Start off with a meaty EQ—a Neve 1073 is nice if you have the means—to bring out the high mids and take out a bit of the lows. Low cut at 70 Hz and boost a few decibels around 3 kHz and 10 kHz for more attack and presence. Follow that up with something like an 1176 compressor to make sure that no notes go by unnoticed even in the densest parts of the song.


The order of a vocal chain is about as personal as the engineer himself. While almost all start off with a low-cut filter around 80 to 120 Hz to eliminate mic bump and unwanted noise, whether to follow up with the de-esser or multiband compressor next is seen interchangeably. Quite often, a second compressor will follow a multiband to make a vocal really aggressive and in your face, followed by a gate to remove any excessive headphone bleed and other unwanted noise, making the vocal sound immediate. Regardless, any EQ that''s necessary to make the vocals fit into the song should come at the end, so that the other processes act on the raw emotion and dynamic of the vocal only.


”Basically I just use EQ followed by compressor as needed. Typically slow attack on the compressor, like 40 or 50 ms. Much faster and you take away too much bottom with the compressor. If the kick doesn''t have much bottom but needs it, sometimes I''ll use Waves MaxxBass to give it a little sub boost. A little goes a long way.

“If you''re dealing with a beat that has a heavy bassline, find different center frequencies for your kick and bass. Trying to boost the same frequencies on both tracks usually sounds terrible. Sometimes using small amounts of notching EQ on the kick and bassline helps carve a space for each. If the kick hits best at 80 Hz, boost a bit of 80 Hz on the kick and notch out a bit of 80 Hz on the bassline. If the bassline sits best around 110 Hz, boost a bit there, and notch out 110 Hz on your kick, carefully. Use really tight Q's on the EQ notching. I like Waves Q1 EQ for this, plus Sony Oxford and MDWII EQ's are good as well.”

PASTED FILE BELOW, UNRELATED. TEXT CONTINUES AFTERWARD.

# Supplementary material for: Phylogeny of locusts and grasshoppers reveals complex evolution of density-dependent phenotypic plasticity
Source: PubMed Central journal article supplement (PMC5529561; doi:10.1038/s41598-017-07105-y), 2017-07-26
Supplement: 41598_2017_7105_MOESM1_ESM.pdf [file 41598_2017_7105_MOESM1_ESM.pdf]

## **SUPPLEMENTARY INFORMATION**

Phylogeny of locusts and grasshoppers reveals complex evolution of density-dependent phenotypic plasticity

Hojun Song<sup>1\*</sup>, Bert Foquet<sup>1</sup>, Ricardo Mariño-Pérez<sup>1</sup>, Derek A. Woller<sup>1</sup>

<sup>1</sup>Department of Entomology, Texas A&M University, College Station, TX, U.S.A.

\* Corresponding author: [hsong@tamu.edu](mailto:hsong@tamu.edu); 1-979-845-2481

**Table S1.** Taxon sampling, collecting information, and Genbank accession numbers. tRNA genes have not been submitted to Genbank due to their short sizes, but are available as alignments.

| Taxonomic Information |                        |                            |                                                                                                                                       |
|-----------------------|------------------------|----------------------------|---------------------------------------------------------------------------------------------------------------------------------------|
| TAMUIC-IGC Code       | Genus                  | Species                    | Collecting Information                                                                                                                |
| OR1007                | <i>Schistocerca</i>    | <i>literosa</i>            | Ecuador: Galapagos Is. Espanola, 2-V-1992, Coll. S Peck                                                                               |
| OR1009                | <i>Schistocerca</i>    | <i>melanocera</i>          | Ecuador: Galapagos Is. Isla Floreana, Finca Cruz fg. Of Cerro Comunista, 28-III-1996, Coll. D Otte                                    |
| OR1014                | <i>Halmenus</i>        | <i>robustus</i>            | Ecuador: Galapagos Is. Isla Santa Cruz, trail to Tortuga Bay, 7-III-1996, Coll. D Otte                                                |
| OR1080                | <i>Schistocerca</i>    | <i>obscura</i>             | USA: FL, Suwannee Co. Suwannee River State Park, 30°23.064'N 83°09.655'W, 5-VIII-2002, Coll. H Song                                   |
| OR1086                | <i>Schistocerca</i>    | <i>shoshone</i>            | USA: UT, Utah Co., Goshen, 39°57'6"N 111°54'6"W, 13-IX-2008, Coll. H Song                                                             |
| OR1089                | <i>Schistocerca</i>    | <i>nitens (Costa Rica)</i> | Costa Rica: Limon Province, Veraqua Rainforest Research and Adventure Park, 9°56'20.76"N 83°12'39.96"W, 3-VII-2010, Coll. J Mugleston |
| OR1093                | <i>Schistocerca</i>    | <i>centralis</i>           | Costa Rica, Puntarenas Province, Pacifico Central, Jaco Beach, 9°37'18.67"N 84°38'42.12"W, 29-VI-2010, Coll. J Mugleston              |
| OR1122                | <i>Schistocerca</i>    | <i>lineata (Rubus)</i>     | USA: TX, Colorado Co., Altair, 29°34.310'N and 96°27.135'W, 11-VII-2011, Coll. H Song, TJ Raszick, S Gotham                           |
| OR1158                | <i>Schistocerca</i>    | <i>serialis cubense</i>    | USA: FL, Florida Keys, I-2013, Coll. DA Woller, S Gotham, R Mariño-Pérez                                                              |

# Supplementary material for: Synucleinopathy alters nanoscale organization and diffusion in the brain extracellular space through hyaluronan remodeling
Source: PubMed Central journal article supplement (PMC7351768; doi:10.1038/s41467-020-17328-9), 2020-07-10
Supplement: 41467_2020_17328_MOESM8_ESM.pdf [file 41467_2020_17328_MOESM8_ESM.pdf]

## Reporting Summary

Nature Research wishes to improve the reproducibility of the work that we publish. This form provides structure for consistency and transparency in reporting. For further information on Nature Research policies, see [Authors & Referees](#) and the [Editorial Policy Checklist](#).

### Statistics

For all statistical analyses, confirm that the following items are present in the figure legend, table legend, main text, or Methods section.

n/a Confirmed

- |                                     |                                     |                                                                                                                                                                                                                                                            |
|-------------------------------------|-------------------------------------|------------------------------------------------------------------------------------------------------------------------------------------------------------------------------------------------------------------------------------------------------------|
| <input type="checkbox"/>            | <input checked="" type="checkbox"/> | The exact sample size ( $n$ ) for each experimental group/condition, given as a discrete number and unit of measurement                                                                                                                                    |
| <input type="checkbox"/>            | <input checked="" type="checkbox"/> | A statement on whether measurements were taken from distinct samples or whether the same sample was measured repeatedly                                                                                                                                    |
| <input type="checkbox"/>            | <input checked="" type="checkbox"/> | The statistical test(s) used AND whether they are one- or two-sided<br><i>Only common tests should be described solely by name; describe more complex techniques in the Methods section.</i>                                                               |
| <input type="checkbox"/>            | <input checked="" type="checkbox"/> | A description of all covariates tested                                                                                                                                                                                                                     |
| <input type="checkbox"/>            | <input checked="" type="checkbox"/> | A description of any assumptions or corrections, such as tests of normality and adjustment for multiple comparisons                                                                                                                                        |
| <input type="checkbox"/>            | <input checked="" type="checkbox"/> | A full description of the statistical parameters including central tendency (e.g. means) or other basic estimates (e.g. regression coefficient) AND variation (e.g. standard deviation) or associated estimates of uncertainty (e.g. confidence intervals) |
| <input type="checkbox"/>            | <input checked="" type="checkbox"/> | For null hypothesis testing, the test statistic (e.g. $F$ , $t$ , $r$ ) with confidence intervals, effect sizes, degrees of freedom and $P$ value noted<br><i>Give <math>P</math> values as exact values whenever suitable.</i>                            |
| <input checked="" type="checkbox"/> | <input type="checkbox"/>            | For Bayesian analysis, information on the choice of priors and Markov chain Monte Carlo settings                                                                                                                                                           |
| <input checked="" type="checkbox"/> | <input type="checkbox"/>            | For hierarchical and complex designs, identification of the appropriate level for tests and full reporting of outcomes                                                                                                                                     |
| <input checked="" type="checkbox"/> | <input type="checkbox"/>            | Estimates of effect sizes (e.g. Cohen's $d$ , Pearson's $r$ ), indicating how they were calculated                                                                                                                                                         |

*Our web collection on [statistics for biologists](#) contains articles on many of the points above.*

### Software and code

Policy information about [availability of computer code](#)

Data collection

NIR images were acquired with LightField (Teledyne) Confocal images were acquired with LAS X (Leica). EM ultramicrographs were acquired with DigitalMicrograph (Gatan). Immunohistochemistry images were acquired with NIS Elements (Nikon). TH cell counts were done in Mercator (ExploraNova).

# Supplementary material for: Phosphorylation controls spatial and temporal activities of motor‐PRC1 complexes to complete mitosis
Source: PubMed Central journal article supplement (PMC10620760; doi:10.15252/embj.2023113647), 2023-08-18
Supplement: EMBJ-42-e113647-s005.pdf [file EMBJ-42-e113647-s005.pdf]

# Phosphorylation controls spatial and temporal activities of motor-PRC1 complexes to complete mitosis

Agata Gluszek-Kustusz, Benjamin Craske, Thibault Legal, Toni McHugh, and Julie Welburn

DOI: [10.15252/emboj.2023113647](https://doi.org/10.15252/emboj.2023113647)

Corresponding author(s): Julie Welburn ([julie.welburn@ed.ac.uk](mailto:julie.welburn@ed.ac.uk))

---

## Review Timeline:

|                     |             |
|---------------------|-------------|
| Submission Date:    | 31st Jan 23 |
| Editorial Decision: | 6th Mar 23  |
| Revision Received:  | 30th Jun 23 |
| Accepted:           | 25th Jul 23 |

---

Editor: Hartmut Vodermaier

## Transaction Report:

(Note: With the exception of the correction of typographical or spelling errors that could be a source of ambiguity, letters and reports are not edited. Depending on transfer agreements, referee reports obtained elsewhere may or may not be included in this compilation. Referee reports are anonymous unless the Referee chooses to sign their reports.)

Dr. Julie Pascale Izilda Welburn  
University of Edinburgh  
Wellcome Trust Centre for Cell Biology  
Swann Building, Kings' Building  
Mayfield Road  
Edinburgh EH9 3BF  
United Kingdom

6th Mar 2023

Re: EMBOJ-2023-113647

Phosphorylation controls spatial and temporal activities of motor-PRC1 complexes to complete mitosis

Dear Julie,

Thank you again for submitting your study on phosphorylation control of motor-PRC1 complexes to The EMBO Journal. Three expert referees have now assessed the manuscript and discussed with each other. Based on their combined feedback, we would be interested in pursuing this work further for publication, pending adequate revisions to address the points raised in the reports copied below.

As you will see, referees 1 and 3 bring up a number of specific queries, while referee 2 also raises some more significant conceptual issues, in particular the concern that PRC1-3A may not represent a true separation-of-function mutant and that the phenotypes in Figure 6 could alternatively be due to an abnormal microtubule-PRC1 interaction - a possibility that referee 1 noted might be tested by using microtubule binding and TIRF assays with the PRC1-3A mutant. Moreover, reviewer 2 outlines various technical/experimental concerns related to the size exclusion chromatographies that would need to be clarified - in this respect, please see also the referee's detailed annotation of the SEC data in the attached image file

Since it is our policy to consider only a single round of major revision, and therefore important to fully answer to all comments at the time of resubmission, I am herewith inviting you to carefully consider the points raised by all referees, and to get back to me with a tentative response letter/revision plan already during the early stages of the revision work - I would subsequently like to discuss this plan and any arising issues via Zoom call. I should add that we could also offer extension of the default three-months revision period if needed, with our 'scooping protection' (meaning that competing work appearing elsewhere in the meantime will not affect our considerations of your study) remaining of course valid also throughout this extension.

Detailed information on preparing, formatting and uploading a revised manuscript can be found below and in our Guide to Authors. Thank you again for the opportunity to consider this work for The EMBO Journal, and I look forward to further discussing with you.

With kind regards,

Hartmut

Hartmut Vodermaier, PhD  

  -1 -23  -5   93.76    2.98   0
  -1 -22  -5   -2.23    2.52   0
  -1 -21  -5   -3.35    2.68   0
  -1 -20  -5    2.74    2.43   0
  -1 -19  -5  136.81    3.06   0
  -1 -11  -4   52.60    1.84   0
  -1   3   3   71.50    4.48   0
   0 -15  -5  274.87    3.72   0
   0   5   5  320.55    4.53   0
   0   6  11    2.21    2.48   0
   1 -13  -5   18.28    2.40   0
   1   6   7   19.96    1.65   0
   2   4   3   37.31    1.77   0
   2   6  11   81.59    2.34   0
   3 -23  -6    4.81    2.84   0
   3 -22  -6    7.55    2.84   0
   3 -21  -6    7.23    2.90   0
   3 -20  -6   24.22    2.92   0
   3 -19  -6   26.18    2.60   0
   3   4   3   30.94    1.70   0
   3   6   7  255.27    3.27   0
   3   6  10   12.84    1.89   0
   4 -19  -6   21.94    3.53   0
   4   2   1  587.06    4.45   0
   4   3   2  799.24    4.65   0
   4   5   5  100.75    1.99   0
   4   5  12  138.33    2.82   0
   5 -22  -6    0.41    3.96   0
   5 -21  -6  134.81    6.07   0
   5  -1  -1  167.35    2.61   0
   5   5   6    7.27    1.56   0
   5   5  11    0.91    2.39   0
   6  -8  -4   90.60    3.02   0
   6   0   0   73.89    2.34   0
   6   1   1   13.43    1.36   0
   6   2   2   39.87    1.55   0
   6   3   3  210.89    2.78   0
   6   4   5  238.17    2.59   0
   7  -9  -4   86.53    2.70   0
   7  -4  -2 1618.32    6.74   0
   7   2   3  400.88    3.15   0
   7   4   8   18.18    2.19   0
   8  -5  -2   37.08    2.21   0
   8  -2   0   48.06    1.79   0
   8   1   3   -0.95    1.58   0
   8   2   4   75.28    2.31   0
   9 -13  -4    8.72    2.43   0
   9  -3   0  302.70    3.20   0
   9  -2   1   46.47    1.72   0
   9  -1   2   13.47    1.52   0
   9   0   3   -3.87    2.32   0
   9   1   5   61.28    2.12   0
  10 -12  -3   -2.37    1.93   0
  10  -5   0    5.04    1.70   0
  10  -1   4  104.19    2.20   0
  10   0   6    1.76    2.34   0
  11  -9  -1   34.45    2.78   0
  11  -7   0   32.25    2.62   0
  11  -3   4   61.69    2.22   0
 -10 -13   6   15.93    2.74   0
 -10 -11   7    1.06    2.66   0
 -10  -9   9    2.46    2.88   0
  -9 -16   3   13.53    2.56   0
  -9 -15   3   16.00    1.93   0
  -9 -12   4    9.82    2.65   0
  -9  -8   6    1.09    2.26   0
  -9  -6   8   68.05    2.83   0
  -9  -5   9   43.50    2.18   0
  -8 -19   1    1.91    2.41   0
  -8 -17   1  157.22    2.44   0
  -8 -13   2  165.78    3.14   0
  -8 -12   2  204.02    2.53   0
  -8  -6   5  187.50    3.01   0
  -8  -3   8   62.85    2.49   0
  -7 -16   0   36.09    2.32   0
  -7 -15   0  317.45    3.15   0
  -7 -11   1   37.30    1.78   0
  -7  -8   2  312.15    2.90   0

Generally, sampled snares from drum machines or loops won''t need much work to get them ready for mixing. But, if the snare lacks impact and needs it, Ken compresses it first with a slow attack and mid-to-fast release.

“Often I''ll do this with a 1176 or Joe Meek SC2,” says Lewis. “Conversely, if its a short tight snare you can elongate it a bit with a very fast attack/fast release compressor, careful not to crush the transient too much. Then I EQ to taste with a Pultec for shaping, and/or a parametric for more pointed work. Sometimes I''ll end the chain with an instance of Cranesong''s Phoenix plug-in. Phoenix is one of those voodoo boxes that makes certain sounds much more solid.

“For urban mixes, all I'll often do is dirty up hats by boosting midrange notches with the Joe Meek EQ or the Pultec MEQ5. Often around 2 to 3 kHz. If a hat is too pointed, I''ll sometimes use a limiter like Waves L1 to crunch it a bit and give it some length.”

“If a synth bass is too subby with no midrange, I'll sometime slam it with a Waves L1 with a very fast release. This makes the bass buzz a little bit which will put audible frequencies into the midrange that you cant get with EQ, and this will help it sit in small speakers. The L1 will definitely also take away some low end, so I''ll add an EQ after the L1 and put some low end back.”

Ken always starts his vocal chain with a filter to remove everything below the singer''s range.

“Usually I just filter out below 80 Hz, and often up as high as 150 Hz with a female voice. If there's nothing there helping the voice, get rid of it!”

If the voice is really sibilant, he''ll insert some mild de-essing followed by compression.

“But, if it''s not too essy, I''ll go straight to a compressor like Waves RVox, or McDSP''s MC2000 multiband compressor bank. Sometimes McDSP''s G Channel is all you need with a vocal because you can filter, compress and EQ all at once — eliminating the need for multiple plugs in your vocal chain. It''s not rocket science. Just scroll thru the presets until something sounds like a noticeable improvement, then tailor your setting from there,” Lewis suggests. “As always, use your ears to guide you.”

Ken Lewis is one of hip-hop and pop''s most in-demand mix engineers, having worked with superstar talents including Kanye West, Usher, John Legend, Common, Mariah Carey, Jay Z, Mary J. Blige and countless others. He has also been a technology panelist at Remix Hotel NYC.